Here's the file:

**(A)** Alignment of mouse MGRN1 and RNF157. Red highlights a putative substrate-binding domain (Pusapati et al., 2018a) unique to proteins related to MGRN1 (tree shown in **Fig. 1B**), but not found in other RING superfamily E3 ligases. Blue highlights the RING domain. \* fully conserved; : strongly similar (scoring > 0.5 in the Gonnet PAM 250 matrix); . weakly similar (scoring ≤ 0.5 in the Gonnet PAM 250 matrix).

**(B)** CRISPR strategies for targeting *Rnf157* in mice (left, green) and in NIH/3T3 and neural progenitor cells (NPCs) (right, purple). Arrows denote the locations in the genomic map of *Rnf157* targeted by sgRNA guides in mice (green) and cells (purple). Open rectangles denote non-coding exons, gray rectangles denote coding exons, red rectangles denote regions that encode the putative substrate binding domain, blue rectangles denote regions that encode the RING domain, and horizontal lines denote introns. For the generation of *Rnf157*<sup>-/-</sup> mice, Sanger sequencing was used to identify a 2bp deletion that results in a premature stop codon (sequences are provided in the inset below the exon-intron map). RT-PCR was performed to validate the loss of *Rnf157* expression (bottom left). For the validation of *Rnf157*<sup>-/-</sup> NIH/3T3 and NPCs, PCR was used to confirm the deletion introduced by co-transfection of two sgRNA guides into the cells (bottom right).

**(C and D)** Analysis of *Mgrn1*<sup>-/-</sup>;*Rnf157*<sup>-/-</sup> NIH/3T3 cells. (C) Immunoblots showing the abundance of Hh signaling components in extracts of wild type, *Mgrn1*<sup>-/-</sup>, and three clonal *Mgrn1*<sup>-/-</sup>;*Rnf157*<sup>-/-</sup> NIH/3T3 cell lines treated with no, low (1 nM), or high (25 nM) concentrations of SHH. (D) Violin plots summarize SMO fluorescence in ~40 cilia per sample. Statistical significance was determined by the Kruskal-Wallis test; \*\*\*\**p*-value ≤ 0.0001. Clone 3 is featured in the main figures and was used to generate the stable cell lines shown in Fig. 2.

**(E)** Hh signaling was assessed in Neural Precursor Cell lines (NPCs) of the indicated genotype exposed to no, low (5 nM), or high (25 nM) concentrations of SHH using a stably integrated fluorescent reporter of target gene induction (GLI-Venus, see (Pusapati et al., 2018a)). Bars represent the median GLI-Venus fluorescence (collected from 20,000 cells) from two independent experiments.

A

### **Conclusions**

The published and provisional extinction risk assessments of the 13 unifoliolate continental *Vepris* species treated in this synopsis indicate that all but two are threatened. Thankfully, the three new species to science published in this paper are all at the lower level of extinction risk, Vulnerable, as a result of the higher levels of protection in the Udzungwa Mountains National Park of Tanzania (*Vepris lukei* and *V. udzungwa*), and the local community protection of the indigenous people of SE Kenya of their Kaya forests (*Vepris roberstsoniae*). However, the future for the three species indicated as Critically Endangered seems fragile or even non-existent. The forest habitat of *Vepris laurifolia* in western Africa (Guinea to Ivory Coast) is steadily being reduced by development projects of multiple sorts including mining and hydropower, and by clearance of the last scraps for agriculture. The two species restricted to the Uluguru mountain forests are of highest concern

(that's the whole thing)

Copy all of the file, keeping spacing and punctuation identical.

**(A)** Alignment of mouse MGRN1 and RNF157. Red highlights a putative substrate-binding domain (Pusapati et al., 2018a) unique to proteins related to MGRN1 (tree shown in **Fig. 1B**), but not found in other RING superfamily E3 ligases. Blue highlights the RING domain. \* fully conserved; : strongly similar (scoring > 0.5 in the Gonnet PAM 250 matrix); . weakly similar (scoring ≤ 0.5 in the Gonnet PAM 250 matrix).

**(B)** CRISPR strategies for targeting *Rnf157* in mice (left, green) and in NIH/3T3 and neural progenitor cells (NPCs) (right, purple). Arrows denote the locations in the genomic map of *Rnf157* targeted by sgRNA guides in mice (green) and cells (purple). Open rectangles denote non-coding exons, gray rectangles denote coding exons, red rectangles denote regions that encode the putative substrate binding domain, blue rectangles denote regions that encode the RING domain, and horizontal lines denote introns. For the generation of *Rnf157*<sup>-/-</sup> mice, Sanger sequencing was used to identify a 2bp deletion that results in a premature stop codon (sequences are provided in the inset below the exon-intron map). RT-PCR was performed to validate the loss of *Rnf157* expression (bottom left). For the validation of *Rnf157*<sup>-/-</sup> NIH/3T3 and NPCs, PCR was used to confirm the deletion introduced by co-transfection of two sgRNA guides into the cells (bottom right).

**(C and D)** Analysis of *Mgrn1*<sup>-/-</sup>;*Rnf157*<sup>-/-</sup> NIH/3T3 cells. (C) Immunoblots showing the abundance of Hh signaling components in extracts of wild type, *Mgrn1*<sup>-/-</sup>, and three clonal *Mgrn1*<sup>-/-</sup>;*Rnf157*<sup>-/-</sup> NIH/3T3 cell lines treated with no, low (1 nM), or high (25 nM) concentrations of SHH. (D) Violin plots summarize SMO fluorescence in ~40 cilia per sample. Statistical significance was determined by the Kruskal-Wallis test; \*\*\*\**p*-value ≤ 0.0001. Clone 3 is featured in the main figures and was used to generate the stable cell lines shown in Fig. 2.

**(E)** Hh signaling was assessed in Neural Precursor Cell lines (NPCs) of the indicated genotype exposed to no, low (5 nM), or high (25 nM) concentrations of SHH using a stably integrated fluorescent reporter of target gene induction (GLI-Venus, see (Pusapati et al., 2018a)). Bars represent the median GLI-Venus fluorescence (collected from 20,000 cells) from two independent experiments.

A

### **Conclusions**

The published and provisional extinction risk assessments of the 13 unifoliolate continental *Vepris* species treated in this synopsis indicate that all but two are threatened. Thankfully, the three new species to science published in this paper are all at the lower level of extinction risk, Vulnerable, as a result of the higher levels of protection in the Udzungwa Mountains National Park of Tanzania (*Vepris lukei* and *V. udzungwa*), and the local community protection of the indigenous people of SE Kenya of their Kaya forests (*Vepris roberstsoniae*). However, the future for the three species indicated as Critically Endangered seems fragile or even non-existent. The forest habitat of *Vepris laurifolia* in western Africa (Guinea to Ivory Coast) is steadily being reduced by development projects of multiple sorts including mining and hydropower, and by clearance of the last scraps for agriculture. The two species restricted to the Uluguru mountain forests are of highest concern